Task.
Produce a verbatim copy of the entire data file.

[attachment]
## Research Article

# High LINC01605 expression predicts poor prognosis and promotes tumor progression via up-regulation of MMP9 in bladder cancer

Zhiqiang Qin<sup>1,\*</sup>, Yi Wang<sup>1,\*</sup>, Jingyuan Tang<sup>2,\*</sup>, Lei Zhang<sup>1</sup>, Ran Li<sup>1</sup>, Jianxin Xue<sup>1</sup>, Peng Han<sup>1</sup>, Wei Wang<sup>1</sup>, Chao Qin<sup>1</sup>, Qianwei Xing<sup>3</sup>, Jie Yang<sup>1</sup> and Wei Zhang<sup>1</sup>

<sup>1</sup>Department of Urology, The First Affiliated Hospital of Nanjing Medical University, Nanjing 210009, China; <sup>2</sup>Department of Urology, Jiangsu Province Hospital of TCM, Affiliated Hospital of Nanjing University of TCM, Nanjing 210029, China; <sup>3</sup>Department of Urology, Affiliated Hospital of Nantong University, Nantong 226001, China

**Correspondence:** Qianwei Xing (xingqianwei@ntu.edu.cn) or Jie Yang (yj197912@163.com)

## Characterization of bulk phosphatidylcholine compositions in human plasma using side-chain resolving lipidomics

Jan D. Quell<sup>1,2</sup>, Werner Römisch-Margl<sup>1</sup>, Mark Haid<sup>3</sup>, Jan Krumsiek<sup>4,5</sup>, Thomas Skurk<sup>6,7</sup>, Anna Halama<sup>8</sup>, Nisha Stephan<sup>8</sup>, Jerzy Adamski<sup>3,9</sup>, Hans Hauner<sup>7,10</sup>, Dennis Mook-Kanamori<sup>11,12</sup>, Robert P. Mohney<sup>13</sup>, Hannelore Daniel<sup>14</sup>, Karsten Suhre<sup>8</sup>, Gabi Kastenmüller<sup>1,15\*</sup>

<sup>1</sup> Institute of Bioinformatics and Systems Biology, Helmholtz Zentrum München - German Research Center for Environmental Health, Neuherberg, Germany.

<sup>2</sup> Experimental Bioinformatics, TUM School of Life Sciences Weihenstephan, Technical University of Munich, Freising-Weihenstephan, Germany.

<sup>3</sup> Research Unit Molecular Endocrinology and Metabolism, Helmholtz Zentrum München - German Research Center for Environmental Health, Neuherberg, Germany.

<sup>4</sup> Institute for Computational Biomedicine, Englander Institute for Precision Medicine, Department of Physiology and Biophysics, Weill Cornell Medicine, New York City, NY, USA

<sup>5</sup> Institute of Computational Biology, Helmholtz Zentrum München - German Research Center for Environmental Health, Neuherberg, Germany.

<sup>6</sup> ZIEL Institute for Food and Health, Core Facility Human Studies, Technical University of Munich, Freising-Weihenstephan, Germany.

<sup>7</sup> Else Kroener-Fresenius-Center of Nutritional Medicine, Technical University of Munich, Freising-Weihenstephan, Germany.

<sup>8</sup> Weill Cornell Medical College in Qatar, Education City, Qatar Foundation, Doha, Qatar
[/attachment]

## Research Article

# High LINC01605 expression predicts poor prognosis and promotes tumor progression via up-regulation of MMP9 in bladder cancer

Zhiqiang Qin<sup>1,\*</sup>, Yi Wang<sup>1,\*</sup>, Jingyuan Tang<sup>2,\*</sup>, Lei Zhang<sup>1</sup>, Ran Li<sup>1</sup>, Jianxin Xue<sup>1</sup>, Peng Han<sup>1</sup>, Wei Wang<sup>1</sup>, Chao Qin<sup>1</sup>, Qianwei Xing<sup>3</sup>, Jie Yang<sup>1</sup> and Wei Zhang<sup>1</sup>

<sup>1</sup>Department of Urology, The First Affiliated Hospital of Nanjing Medical University, Nanjing 210009, China; <sup>2</sup>Department of Urology, Jiangsu Province Hospital of TCM, Affiliated Hospital of Nanjing University of TCM, Nanjing 210029, China; <sup>3</sup>Department of Urology, Affiliated Hospital of Nantong University, Nantong 226001, China

**Correspondence:** Qianwei Xing (xingqianwei@ntu.edu.cn) or Jie Yang (yj197912@163.com)

## Characterization of bulk phosphatidylcholine compositions in human plasma using side-chain resolving lipidomics

Jan D. Quell<sup>1,2</sup>, Werner Römisch-Margl<sup>1</sup>, Mark Haid<sup>3</sup>, Jan Krumsiek<sup>4,5</sup>, Thomas Skurk<sup>6,7</sup>, Anna Halama<sup>8</sup>, Nisha Stephan<sup>8</sup>, Jerzy Adamski<sup>3,9</sup>, Hans Hauner<sup>7,10</sup>, Dennis Mook-Kanamori<sup>11,12</sup>, Robert P. Mohney<sup>13</sup>, Hannelore Daniel<sup>14</sup>, Karsten Suhre<sup>8</sup>, Gabi Kastenmüller<sup>1,15\*</sup>

<sup>1</sup> Institute of Bioinformatics and Systems Biology, Helmholtz Zentrum München - German Research Center for Environmental Health, Neuherberg, Germany.

<sup>2</sup> Experimental Bioinformatics, TUM School of Life Sciences Weihenstephan, Technical University of Munich, Freising-Weihenstephan, Germany.

<sup>3</sup> Research Unit Molecular Endocrinology and Metabolism, Helmholtz Zentrum München - German Research Center for Environmental Health, Neuherberg, Germany.

<sup>4</sup> Institute for Computational Biomedicine, Englander Institute for Precision Medicine, Department of Physiology and Biophysics, Weill Cornell Medicine, New York City, NY, USA

<sup>5</sup> Institute of Computational Biology, Helmholtz Zentrum München - German Research Center for Environmental Health, Neuherberg, Germany.

<sup>6</sup> ZIEL Institute for Food and Health, Core Facility Human Studies, Technical University of Munich, Freising-Weihenstephan, Germany.

<sup>7</sup> Else Kroener-Fresenius-Center of Nutritional Medicine, Technical University of Munich, Freising-Weihenstephan, Germany.

<sup>8</sup> Weill Cornell Medical College in Qatar, Education City, Qatar Foundation, Doha, Qatar